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Sullivan adopts ethics law; Subpoena power remains an issue

Legislator Cindy Gieger says she wants to grant subpoena power to the yet-to-be-named board of ethics to give the new ethics law some teeth.
TRR photo by Fritz Mayer

By Fritz Mayer
May 29, 2013

The Sullivan County Legislature adopted the long-awaited new ethics law at a meeting at the government center in Monticello on May 23. Before the vote, legislator Cindy Gieger said she would vote in favor of the law with the understanding that a vote to restore a provision that would grant subpoena power to the new ethics board would be held before the law takes effect in 60 days.

Because the law is subject to a permissive referendum, which means that if enough residents sign a petition within 60 days the ethics law must be voted on by the public, the law can’t take effect for 60 days.

Gieger said the subpoena power provision had been removed by the legislature after members had been told that a 1976 decision by the then attorney general indicated that the legislature could not legally grant the board of ethics that power.

Gieger said county attorney Sam Yasgur researched the matter further and found that the legislature could, in fact, grant such power, but he wanted to research the matter a bit further before writing the language. She said, “Removing that power kind of takes the teeth out of the law.”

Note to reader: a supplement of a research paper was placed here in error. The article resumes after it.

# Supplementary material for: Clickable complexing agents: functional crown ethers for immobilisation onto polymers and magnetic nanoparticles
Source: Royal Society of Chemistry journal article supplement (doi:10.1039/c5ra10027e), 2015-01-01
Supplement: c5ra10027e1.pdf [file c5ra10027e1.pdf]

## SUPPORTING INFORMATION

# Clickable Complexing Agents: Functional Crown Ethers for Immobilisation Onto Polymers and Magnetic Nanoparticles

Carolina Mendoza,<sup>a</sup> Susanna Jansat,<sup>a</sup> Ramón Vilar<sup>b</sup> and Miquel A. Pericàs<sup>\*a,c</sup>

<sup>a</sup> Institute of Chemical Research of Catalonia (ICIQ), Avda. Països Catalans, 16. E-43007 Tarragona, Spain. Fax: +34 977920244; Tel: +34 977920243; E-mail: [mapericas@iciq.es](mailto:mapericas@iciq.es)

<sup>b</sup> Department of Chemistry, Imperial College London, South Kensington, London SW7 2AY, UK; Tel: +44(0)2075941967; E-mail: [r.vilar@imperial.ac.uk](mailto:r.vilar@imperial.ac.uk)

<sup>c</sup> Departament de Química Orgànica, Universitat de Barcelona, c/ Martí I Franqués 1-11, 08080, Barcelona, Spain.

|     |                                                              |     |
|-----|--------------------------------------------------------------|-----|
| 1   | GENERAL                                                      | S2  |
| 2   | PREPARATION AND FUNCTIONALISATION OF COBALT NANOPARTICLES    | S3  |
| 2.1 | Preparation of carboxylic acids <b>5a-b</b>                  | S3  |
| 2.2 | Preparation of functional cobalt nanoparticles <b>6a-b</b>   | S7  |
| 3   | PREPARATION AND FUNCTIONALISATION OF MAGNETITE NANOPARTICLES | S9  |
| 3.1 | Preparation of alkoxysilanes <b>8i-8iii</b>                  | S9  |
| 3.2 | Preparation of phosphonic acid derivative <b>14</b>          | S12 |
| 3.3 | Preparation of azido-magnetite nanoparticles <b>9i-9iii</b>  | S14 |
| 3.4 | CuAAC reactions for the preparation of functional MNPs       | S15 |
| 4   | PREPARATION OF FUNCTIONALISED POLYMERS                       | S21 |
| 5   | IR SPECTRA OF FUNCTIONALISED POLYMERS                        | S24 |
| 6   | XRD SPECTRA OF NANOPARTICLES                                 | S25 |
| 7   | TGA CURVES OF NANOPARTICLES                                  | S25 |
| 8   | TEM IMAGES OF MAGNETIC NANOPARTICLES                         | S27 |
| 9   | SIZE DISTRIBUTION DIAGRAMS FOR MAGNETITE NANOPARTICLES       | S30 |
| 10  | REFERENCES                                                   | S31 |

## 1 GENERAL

Legislator Kitty Vetter agreed that

subpoena power would give the law “teeth.”

The vote was eight to one, with legislator Cora Edwards voting against it. She said the matter of removing the subpoena was decided in an executive session, which she could not attend. The executive session, like all such sessions, was closed to the public. The first part of the session had to do with personal matters. Discussion of granting of subpoena power to a board of ethics, she said, is not on the list of subjects that may be discussed in executive session.

All of the other meetings regarding the ethics law have been held in front of the public and were recorded, but the discussion about removing the subpoena power was not, and Edwards said there is no way for her to find out what was said during the meeting.

Perhaps the most important element of the new law is that it takes the legislators out of the process of determining whether an alleged ethics violation should be investigated. That responsibility will now go to the new board of ethics, members of which have yet to be named.